Dining at Restaurant Panoramique is an experience on which Escoffier would smile – in the knowledge that his legacy is in excellent hands. Overseen by tutors who are all seasoned hospitality professionals, the young front-of-house staff wear smart traditional-style long aprons and often finish dishes by heating and portioning at the table in classic French style. At one dinner I attended the theme was Pays Bénélux, with dishes from Belgium, the Netherlands and Luxembourg. A delectable fish soup from Flanders was followed by a main course of pork loin stuffed and fried in dark beer, with braised chicory and chips. The beverage match was blond or brown Leffe beer, or Heineken.
While sipping, I asked a young server if I could taste an Alsace riesling I saw being enjoyed at neighbouring tables. The young man raised an eyebrow almost imperceptibly
“I think you would find, monsieur, that it would not complement your dish.”
I agreed and said I was simply curious to try the wine.
He inclined his head. “But of course, monsieur.”
I tried the riesling, which was good. And the young man was absolutely right.
Restaurant Panoramique at the Lycée Professionel Commercial et Hôtelier Escoffier is at 4 rue Adolphe Barrau, Pointe de l’Artillerie, Nouméa. Reservations: ++687 24 26 70 or 24 26 71 or 24 26 72. www.ac-noumea.nc/lpc
John Corbett travelled to Nouméa with assistance from Aircalin and New Caledonia Tourism New Zealand.
Photos: New Caledonia Tourism; John Corbett; wikimedia
FYI: THE LEGACY OF ESCOFFIER
We like to think we live in the age of the über-chef – global personalities with own-name restaurants, TV shows and magazines and all the other trappings of modern celebrity.It can come as a surprise to learn that a world-famous French chef was doing much of the above more than a century ago. Auguste Escoffier (1846-1935) isn’t well known outside of culinary circles today – but try the name Ritz. As the business partner of César Ritz, Escoffier established grand hotels in Paris, London and New York that remain benchmarks of luxury and haute cuisine to this day. (Princess Diana, you may remember, had her last meal at the Ritz Paris).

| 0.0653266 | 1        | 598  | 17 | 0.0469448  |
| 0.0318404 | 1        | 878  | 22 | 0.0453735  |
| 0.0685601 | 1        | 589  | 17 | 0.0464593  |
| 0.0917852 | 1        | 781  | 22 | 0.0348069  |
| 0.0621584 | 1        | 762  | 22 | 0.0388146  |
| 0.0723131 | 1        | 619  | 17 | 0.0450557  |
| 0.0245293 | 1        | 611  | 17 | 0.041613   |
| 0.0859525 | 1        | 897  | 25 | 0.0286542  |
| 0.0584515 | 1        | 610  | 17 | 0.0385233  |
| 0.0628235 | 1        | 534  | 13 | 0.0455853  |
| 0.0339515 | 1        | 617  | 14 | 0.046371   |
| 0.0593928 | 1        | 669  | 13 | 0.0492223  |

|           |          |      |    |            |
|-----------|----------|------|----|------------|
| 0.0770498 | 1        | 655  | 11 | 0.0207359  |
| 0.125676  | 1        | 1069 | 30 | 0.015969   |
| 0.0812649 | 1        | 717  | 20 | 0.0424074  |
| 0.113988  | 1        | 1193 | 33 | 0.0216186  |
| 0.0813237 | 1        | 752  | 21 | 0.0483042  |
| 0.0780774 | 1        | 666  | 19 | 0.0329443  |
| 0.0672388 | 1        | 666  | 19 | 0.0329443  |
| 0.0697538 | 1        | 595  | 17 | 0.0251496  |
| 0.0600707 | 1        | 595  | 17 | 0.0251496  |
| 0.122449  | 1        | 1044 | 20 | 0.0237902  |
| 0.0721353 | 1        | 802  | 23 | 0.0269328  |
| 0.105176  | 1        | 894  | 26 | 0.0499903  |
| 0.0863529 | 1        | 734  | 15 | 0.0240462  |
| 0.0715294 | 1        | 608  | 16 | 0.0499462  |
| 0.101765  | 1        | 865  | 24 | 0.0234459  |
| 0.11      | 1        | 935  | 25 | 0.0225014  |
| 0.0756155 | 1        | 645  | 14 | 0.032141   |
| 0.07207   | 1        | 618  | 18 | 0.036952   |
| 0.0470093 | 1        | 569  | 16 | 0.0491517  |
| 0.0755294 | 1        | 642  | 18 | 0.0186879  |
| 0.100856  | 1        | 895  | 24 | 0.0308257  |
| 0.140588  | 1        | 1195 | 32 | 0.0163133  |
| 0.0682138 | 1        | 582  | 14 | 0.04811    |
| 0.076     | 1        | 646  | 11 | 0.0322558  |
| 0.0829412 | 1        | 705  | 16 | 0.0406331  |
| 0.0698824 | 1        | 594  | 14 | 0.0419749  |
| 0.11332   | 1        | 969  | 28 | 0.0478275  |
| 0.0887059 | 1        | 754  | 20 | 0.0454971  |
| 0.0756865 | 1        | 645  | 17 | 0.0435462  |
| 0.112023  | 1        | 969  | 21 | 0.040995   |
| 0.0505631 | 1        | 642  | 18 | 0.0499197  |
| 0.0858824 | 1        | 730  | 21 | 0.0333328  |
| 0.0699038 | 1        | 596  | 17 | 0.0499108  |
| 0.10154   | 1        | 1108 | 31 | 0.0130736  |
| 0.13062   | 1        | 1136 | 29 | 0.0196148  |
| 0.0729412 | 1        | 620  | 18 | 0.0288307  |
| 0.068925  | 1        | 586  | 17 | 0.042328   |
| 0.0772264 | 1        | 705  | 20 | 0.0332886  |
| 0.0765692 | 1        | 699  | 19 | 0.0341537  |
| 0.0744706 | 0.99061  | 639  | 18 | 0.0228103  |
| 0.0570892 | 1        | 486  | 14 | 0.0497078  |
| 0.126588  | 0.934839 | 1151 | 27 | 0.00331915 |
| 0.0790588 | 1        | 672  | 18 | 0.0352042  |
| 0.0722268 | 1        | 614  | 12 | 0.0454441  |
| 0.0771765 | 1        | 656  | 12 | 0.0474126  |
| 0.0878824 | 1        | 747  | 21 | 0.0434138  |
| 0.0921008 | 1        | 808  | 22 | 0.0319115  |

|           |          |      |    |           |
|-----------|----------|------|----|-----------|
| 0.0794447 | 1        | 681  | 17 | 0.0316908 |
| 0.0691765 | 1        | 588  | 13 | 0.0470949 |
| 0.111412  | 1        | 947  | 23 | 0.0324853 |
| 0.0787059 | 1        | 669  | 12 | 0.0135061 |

While the suave Ritz handled front-of-house matters, the detail-oriented Escoffier made everything in the kitchens run like clockwork – and a lot more besides. As well as pioneering the idea of luxury restaurants and in the process kicking off the beginnings of modern celebrity culture, the pair introduced the concept of dining à la carte, which allowed diners to choose a selection of dishes from a menu. They accompanied this with service a la russe (service in the Russian-style), the style of dining we are accustomed to today in which dishes are brought to the table in sequential order, from appetisers to desserts. Before Escoffier and Ritz’s innovation, all of the offerings for a meal were placed on the table at once.
Escoffier was even more revolutionary behind the scenes. The system of kitchen organisation he introduced, known as the brigade, assigned chefs precisely defined roles in a production line that enabled them to produce imaginative and high-quality meals with speed and efficiency. The brigade transformed workplaces that had often been slovenly and disorganised (drunkenness and knife-throwing were not uncommon) and turned cheffing into a serious profession.
As his fame grew, Escoffier opened a restaurant on a luxury liner in 1906 (take that, Jamie Oliver, Luke Mangan and Curtis Stone!), founded a glossy lifestyle magazine, wrote two famous cookbooks and created celebrated dishes like Peach Melba, which allegedly inspired the American ice cream sundae.
Escoffier’s other enduring legacy was to give French cuisine the prestigious place that it now holds around the world. Today he is remembered by a Museum of Culinary Art and Foundation in his hometown of Villeneuve-Loubet near Nice, and by culinary schools around the globe which carry on his tradition. The Lycée Professionel Commercial et Hôtelier Escoffier in Nouméa is one of them.